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Book Note: Rex Stout, Black Orchids

I read this book about 14-Apr-2003. I've read this book before. The book is copyright 1941. This note was last modified Sunday, 11-Dec-2022 18:24:03 PST.

This is book 9 of the "Nero Wolfe" series.

This note contains spoilers for the book.


Two stories, rather than three, for a change, and without the number "two" in the title. How Wolfe acquired the black orchids (by blackmail or as a fee, from Hewitt), and one thing he did with some of them (sent 8 of them to a funeral).

From one of the better periods, I think. Just pre-war (or at least before Stout stopped writing for the war).

"Black Orchids" is quite extreme in lots of ways. A scene is carefully constructed where Archie, at Wolfe's orders, takes the action that causes a gun to fire and commit the murder. None of them have any clue at the time. (A walking stick, tied by string to the trigger of the gun. Pulls the trigger, then breaks the string, without displacing the gun, and without Archie noticing especially. I don't believe it for a second, actually.) And ends spectacularly with Wolfe arranging for the murderer to kill himself in a booby-trap that he springs by attempting to kill Wolfe, Archie, Cramer, and others (with Ciphogene, which I mostly remember from The Mote in God's Eye (#2)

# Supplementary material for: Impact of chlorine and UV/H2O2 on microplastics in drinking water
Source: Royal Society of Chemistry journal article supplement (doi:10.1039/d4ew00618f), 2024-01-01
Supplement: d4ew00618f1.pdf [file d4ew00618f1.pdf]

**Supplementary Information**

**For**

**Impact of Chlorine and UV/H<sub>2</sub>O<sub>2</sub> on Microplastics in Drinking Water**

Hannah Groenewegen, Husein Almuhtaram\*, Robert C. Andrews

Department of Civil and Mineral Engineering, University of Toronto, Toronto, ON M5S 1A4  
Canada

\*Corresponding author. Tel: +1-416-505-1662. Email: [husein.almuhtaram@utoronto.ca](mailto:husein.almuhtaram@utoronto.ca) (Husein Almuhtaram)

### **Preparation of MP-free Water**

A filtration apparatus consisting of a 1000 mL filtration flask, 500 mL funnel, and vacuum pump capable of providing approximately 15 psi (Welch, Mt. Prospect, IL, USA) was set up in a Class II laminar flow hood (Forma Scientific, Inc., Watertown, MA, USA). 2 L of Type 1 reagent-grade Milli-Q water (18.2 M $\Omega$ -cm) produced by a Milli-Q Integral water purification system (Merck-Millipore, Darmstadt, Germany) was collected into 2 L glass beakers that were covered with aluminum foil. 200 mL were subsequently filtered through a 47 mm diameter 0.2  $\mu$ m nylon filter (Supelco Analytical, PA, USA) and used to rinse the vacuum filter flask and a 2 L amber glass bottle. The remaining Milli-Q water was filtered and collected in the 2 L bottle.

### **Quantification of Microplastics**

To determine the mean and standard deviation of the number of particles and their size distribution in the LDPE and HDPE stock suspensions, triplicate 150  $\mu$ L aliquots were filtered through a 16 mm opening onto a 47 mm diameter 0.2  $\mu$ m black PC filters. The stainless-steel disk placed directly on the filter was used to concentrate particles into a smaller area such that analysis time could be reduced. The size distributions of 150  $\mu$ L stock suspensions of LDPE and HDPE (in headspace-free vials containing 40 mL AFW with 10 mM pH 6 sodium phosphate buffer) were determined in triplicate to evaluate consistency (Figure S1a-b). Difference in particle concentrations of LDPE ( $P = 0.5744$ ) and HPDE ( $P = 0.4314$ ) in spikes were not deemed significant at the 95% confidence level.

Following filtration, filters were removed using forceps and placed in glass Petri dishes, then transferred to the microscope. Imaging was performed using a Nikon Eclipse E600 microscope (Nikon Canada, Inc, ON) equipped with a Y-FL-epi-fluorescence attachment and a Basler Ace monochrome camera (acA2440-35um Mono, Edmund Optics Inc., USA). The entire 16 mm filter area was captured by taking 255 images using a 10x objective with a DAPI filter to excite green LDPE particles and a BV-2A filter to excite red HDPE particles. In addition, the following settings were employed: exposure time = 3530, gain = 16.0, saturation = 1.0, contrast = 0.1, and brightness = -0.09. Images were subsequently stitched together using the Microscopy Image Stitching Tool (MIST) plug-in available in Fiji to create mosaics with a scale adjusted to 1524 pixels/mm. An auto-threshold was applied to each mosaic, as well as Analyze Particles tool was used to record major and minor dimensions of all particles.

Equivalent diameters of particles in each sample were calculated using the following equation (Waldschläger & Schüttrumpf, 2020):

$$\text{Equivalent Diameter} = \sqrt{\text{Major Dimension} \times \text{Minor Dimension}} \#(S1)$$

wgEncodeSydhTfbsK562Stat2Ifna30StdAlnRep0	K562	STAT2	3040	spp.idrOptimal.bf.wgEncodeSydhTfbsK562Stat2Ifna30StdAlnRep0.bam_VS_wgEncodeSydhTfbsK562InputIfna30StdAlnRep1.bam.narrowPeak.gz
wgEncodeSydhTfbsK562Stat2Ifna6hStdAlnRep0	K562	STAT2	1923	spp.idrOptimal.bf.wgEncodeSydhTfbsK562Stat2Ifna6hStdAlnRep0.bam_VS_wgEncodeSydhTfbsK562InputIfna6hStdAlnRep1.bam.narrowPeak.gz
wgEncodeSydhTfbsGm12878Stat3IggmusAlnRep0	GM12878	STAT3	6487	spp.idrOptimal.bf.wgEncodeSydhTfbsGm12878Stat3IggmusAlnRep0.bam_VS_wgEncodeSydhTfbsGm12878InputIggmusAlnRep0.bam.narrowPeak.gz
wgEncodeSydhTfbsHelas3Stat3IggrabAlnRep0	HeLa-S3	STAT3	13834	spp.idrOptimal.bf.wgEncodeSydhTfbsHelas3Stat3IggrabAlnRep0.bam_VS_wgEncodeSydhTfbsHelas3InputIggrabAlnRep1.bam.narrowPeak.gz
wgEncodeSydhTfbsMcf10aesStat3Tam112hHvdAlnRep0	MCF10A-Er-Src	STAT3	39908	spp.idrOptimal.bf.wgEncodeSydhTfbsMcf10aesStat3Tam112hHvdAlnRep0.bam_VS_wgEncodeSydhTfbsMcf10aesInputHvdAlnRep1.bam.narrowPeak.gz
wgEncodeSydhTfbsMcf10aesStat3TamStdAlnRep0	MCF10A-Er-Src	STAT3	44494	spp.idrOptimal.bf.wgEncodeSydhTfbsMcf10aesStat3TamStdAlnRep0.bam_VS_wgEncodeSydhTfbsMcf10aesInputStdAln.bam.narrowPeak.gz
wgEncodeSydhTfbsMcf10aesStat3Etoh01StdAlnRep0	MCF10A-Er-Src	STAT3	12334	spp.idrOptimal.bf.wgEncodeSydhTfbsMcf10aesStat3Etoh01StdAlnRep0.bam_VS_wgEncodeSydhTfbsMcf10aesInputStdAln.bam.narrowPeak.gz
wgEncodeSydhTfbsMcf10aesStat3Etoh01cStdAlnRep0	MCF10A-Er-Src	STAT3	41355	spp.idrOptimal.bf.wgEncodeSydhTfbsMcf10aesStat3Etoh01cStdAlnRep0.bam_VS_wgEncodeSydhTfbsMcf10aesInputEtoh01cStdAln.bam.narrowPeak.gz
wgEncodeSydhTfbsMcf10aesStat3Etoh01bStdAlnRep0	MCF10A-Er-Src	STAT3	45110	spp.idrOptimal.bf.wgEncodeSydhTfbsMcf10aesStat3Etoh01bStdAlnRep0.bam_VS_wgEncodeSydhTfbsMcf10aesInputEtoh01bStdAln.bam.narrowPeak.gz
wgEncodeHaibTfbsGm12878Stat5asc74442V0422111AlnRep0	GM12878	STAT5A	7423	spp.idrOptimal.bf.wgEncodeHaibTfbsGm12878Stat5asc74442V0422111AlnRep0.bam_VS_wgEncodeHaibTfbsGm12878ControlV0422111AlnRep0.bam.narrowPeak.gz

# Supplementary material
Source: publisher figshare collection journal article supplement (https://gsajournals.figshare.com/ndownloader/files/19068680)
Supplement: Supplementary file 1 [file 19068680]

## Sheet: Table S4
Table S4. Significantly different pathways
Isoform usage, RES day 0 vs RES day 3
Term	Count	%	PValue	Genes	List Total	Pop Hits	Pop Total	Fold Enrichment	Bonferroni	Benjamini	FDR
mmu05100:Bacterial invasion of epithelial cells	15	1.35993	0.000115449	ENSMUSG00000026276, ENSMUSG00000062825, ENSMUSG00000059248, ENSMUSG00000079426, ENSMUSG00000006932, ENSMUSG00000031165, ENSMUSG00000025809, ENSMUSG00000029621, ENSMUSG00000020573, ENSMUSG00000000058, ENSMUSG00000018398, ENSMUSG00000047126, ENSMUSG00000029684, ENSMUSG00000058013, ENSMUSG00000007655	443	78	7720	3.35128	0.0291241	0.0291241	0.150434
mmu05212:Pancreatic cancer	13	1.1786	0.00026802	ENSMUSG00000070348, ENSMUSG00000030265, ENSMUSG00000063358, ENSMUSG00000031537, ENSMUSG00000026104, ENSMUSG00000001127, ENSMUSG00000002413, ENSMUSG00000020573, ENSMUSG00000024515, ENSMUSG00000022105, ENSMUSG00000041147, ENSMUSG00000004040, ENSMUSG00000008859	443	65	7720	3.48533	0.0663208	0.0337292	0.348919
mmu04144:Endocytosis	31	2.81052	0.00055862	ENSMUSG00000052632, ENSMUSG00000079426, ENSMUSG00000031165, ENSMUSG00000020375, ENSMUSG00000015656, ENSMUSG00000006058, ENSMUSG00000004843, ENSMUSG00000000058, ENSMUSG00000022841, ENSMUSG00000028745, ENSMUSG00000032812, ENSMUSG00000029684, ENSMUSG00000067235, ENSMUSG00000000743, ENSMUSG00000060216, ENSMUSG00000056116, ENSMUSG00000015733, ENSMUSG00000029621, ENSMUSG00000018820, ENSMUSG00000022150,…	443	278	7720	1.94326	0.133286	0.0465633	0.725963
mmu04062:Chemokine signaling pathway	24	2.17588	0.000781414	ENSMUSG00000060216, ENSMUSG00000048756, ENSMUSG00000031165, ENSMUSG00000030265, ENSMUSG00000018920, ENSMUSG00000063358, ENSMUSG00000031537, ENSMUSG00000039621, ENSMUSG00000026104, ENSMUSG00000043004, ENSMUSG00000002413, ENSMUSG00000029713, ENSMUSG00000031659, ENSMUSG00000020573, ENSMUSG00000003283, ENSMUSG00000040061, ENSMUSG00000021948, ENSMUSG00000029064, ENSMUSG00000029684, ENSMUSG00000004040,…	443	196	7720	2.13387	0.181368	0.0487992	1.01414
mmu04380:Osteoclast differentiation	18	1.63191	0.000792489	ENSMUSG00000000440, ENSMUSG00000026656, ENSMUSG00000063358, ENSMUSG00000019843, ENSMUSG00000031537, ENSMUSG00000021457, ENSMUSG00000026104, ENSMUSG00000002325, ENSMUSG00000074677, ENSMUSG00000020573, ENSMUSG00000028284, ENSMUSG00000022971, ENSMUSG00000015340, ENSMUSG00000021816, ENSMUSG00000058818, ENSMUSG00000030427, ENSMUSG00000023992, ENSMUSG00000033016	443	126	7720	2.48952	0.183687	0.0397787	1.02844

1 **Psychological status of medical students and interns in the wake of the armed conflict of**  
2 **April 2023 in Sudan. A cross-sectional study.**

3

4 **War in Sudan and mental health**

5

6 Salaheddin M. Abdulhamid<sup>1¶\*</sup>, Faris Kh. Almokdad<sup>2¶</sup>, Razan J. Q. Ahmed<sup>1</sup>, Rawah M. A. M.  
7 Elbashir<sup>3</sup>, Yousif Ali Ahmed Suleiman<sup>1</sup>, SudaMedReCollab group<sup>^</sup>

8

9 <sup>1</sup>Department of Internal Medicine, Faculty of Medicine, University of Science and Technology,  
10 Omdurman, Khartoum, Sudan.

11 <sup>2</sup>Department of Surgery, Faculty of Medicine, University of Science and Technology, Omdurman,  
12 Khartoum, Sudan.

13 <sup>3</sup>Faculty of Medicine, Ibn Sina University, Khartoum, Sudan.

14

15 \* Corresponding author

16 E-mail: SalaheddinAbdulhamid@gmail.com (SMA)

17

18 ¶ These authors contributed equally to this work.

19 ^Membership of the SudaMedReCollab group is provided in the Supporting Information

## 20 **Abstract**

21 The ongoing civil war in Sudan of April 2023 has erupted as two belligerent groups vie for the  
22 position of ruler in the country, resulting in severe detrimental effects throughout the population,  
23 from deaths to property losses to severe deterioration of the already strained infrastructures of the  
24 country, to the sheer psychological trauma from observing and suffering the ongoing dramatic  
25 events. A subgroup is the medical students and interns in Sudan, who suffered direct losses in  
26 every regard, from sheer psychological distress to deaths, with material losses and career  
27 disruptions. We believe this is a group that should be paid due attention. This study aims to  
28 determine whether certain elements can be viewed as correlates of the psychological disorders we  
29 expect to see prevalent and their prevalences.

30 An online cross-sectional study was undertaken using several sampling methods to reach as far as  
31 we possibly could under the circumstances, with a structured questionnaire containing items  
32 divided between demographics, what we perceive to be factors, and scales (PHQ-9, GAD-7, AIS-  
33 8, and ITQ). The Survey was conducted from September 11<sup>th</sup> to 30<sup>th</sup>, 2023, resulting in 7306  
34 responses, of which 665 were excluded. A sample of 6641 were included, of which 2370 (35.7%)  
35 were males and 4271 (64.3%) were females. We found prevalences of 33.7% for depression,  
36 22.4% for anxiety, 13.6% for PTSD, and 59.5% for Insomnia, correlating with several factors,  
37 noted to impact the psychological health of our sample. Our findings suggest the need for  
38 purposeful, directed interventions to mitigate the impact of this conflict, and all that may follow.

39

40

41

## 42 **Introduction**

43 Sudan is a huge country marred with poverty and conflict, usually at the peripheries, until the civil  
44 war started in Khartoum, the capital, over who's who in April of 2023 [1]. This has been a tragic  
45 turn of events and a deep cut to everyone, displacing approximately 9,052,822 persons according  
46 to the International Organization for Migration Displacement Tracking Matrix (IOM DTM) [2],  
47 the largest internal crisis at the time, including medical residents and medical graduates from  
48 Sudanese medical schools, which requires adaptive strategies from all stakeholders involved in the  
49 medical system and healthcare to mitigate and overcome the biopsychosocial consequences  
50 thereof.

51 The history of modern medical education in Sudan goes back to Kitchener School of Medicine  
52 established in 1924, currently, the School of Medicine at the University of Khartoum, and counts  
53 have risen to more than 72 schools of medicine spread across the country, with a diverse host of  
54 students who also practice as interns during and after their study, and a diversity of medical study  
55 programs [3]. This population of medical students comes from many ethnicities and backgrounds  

Cordially Invited to Meet Death is interesting in some ways. I especially like the bit where Archie follows the chemist making off with the turf sample Archie had intended to take himself -- and finds the guy taking it to Wolfe back at the house. And I'm reminded how much medicine has improved; tetanus was fatal once it reached the nerves, and while there was an anti-toxin, there was no vaccination. Two people die of it during the book, one a murder (cleverly substituting tetanus infusion for iodine).

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David Dyer-Bennet